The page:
Farage has a point, too. In his ideal world, candidate selection would only ever be made ‘on merit’. What’s wrong with that?

It is the UKIP-hating lynch mob that is most prejudiced in all this. They fear and loathe ‘a certain audience’. They worry that the supposedly ignorant masses might suddenly turn racist upon hearing Farage’s dog-whistle messages. The advocates of official anti-racism can’t see that the anti-discrimination legislation of 40 years ago has largely been rendered redundant. From the UK Equality Act 2010 to the roll-out of a public-sector duty ‘to promote good relations between persons of different racial groups’, officialdom has become more obsessed with race at the same time as Britain has become more ethnically mixed (both culturally and biologically) and colour-blind. It is high time we stopped the hunt for zombie racism (and got rid of a few laws).

As for Things We Won’t Say About Race That Are True, you had to admire the candour of Trevor Phillips, the driving force behind the programme, and the former chair of the Equality and Human Rights Commission. He used to believe that officialdom could regulate and educate bad things out of existence. His gradual realisation that officialdom, the very officialdom he was part of, has made things worse, may be blindingly obvious to some, but he still deserves a couple of cheers. In the circles Phillips moves, these ideas must sound like heresy.

Still, as impressive as his programme was, you couldn’t help but feel that Phillips remains wedded to the idea of top-down managerialism. And by sidestepping class and the other socio-cultural factors which influence outcomes as varied as ‘black on black crime’ or Chinese and Indian academic success, he tumbled into his own version of racial thinking. It’s as if Phillips still fears, in a rather old-fashioned way, the consequence of un-managed race-relations.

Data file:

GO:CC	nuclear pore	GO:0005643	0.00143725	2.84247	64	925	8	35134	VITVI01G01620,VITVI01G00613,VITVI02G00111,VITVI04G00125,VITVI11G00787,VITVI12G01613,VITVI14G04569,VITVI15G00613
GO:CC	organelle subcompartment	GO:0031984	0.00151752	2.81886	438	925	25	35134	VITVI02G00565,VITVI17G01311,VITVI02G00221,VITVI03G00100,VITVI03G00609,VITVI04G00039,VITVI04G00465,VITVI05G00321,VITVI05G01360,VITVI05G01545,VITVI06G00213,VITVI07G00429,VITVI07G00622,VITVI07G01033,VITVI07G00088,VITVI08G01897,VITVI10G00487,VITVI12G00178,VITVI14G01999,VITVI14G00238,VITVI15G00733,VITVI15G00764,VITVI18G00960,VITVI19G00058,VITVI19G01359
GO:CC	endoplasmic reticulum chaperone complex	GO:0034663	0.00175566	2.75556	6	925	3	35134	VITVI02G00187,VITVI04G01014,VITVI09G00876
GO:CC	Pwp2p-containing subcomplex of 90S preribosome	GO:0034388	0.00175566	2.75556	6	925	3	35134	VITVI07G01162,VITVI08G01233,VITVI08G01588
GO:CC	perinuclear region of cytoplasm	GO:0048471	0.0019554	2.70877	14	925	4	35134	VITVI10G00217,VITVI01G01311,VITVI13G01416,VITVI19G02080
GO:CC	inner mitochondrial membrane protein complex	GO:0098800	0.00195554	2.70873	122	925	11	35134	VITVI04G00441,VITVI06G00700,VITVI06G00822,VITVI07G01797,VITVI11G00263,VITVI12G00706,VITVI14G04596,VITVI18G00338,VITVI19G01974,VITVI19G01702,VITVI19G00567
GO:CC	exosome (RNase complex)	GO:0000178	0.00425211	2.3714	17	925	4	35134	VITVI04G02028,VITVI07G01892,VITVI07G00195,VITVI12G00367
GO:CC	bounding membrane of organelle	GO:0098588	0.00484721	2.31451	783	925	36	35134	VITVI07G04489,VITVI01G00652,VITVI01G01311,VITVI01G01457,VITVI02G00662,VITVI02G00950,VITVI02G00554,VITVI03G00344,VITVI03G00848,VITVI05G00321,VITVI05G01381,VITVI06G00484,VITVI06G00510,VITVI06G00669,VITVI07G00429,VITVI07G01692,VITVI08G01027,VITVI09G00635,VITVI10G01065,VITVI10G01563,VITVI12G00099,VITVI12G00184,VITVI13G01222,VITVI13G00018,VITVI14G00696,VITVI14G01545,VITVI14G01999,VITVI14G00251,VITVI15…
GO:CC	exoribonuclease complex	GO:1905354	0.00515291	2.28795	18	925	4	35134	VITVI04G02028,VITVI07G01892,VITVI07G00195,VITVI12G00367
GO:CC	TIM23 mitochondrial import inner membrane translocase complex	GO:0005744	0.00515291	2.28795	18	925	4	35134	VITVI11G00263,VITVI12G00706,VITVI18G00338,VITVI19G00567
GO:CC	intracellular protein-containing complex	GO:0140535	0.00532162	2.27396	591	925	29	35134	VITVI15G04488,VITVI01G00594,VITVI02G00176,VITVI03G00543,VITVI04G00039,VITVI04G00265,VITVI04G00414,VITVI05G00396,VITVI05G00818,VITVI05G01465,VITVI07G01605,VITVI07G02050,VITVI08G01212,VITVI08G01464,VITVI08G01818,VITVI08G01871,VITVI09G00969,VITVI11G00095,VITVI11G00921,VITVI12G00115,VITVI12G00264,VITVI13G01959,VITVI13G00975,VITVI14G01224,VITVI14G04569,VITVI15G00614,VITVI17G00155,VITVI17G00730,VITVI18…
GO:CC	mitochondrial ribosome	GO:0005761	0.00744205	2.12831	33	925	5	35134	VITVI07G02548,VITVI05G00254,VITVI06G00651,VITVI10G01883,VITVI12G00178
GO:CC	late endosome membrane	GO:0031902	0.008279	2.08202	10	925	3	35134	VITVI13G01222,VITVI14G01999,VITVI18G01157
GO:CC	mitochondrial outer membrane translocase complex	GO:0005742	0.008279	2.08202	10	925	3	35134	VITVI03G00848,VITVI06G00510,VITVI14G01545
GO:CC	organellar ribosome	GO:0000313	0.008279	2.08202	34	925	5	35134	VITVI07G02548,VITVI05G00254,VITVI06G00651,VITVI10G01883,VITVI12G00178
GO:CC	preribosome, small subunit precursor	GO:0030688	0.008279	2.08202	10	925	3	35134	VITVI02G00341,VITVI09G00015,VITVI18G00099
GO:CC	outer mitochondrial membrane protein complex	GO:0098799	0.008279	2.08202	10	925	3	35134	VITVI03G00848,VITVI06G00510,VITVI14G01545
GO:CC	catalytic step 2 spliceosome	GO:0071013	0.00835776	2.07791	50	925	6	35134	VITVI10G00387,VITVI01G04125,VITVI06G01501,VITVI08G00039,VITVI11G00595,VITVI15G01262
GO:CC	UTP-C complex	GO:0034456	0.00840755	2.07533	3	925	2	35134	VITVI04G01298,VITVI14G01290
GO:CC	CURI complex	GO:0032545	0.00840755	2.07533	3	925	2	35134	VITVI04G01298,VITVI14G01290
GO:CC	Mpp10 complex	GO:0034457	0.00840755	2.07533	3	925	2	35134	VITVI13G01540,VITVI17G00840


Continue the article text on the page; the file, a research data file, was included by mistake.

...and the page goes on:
His focus on the social damage of multiculturalism-as-state-policy is a positive, as is his determination to sweep away ‘po-faced political correctness’ so as to get everything out in the open and expose it to scrutiny and argument. But he still needs to show greater faith in the public. Only then will officialdom recognise the extraordinary ways in which we are establishing common bonds and, bit by bit, melting ‘race’ away. What Sabina and Tony effortlessly showed Radio 4 listeners was that the public have no need of a management plan. Far from being a racism-ridden blob, the public are likely to demonstrate that they are becoming increasingly aware of the contempt and prejudice directed at them by the political elite.

Adrian Hart is a writer and researcher. His most recent book, That’s Racist!: How the Regulation of Speech and Thought Divides Us All, is published by Societas. (Order this book from Amazon(UK).)

Picture by: PA images.

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Topics Politics